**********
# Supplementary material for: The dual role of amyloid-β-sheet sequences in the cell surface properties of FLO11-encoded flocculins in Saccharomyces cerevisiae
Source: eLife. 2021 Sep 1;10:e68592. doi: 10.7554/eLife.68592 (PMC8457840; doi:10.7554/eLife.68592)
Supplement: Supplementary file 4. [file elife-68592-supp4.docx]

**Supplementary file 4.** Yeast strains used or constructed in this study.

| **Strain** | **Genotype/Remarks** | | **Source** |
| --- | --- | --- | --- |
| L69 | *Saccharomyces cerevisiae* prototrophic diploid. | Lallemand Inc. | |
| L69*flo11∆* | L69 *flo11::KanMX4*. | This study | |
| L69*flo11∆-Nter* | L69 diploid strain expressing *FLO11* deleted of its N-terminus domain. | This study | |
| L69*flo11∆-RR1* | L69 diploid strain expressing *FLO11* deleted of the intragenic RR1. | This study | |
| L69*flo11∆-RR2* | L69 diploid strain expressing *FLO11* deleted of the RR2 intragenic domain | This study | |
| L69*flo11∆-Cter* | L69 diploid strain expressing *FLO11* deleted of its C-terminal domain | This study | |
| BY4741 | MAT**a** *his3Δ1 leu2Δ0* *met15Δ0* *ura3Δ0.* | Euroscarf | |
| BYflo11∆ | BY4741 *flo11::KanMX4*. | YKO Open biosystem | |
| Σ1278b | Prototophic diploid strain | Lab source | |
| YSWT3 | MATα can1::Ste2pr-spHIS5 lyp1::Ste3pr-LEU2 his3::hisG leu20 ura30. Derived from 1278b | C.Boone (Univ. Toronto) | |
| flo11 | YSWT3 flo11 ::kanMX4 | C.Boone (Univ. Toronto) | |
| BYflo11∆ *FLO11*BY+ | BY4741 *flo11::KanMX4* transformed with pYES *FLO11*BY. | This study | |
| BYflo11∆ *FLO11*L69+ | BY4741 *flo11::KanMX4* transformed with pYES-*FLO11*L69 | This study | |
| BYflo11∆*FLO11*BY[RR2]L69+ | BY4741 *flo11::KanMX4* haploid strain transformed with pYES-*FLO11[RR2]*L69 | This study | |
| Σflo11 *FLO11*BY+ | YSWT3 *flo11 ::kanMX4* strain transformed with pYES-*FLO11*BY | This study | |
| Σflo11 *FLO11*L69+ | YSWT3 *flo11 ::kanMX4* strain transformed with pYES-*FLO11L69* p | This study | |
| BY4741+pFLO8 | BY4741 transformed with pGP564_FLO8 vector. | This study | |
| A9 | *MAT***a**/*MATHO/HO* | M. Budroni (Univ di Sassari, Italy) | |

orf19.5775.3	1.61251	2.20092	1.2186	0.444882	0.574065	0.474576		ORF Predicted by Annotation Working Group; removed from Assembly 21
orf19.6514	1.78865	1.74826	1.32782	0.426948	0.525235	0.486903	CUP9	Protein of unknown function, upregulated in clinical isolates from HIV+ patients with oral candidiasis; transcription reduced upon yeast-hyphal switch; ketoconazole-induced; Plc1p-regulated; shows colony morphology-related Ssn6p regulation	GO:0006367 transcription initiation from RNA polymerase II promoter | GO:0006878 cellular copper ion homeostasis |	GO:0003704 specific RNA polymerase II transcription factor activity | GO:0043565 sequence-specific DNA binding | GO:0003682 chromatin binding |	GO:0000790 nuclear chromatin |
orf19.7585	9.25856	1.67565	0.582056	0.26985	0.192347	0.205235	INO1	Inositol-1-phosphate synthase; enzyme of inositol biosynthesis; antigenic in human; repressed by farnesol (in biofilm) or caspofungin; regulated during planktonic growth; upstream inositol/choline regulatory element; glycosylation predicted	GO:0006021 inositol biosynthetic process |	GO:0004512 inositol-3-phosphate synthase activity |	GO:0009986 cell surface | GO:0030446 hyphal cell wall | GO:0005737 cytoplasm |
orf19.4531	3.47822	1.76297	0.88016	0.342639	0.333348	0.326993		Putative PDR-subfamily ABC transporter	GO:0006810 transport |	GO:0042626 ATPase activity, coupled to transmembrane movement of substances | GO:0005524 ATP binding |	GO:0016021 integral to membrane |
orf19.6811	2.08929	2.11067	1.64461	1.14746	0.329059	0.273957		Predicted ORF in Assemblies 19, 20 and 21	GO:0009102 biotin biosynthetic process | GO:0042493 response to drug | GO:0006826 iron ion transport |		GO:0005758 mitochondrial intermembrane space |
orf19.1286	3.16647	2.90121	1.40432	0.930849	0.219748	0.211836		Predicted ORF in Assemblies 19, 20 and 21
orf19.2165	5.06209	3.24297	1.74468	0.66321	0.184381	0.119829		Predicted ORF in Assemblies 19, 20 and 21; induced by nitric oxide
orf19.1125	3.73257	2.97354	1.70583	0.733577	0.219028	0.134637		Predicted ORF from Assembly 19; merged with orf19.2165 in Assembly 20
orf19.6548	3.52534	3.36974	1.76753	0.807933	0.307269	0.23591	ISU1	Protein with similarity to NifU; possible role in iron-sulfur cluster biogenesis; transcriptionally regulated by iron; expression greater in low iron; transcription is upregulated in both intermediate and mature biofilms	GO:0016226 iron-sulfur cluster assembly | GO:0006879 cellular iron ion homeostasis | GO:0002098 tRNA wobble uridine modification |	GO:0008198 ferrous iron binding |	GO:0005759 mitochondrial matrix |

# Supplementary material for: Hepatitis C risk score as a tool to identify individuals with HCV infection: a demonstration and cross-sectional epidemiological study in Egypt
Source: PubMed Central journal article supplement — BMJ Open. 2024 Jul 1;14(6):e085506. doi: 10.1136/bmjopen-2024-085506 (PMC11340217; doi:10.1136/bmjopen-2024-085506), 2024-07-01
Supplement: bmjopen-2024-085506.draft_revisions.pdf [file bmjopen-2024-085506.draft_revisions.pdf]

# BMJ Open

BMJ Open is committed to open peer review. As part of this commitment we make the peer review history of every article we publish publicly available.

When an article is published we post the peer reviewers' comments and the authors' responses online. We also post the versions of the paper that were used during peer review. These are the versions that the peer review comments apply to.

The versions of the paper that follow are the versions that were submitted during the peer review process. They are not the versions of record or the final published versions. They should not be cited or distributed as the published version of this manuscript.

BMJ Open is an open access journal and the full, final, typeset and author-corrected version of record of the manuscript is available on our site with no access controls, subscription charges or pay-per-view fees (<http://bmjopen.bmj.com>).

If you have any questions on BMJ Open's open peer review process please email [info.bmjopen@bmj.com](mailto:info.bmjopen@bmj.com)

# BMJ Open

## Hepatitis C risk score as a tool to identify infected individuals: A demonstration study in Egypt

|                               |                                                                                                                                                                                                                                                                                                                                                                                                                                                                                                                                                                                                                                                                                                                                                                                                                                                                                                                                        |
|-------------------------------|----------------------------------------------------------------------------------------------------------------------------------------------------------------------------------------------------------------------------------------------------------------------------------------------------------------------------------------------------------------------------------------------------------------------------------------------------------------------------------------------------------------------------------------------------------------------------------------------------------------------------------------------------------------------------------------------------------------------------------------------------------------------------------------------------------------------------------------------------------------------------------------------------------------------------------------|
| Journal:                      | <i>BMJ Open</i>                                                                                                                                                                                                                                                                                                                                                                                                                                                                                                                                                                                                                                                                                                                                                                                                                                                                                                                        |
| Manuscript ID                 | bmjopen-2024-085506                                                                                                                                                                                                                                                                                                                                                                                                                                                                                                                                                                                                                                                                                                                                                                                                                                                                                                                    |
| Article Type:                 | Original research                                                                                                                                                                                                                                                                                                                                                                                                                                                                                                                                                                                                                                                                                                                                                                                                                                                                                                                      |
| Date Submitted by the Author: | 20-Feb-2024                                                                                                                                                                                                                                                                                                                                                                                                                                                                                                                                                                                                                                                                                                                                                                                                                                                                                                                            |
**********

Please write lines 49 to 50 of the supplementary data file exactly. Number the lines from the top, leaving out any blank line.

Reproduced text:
| Article Type:                 | Original research                                                                                                                                                                                                                                                                                                                                                                                                                                                                                                                                                                                                                                                                                                                                                                                                                                                                                                                      |
| Date Submitted by the Author: | 20-Feb-2024                                                                                                                                                                                                                                                                                                                                                                                                                                                                                                                                                                                                                                                                                                                                                                                                                                                                                                                            |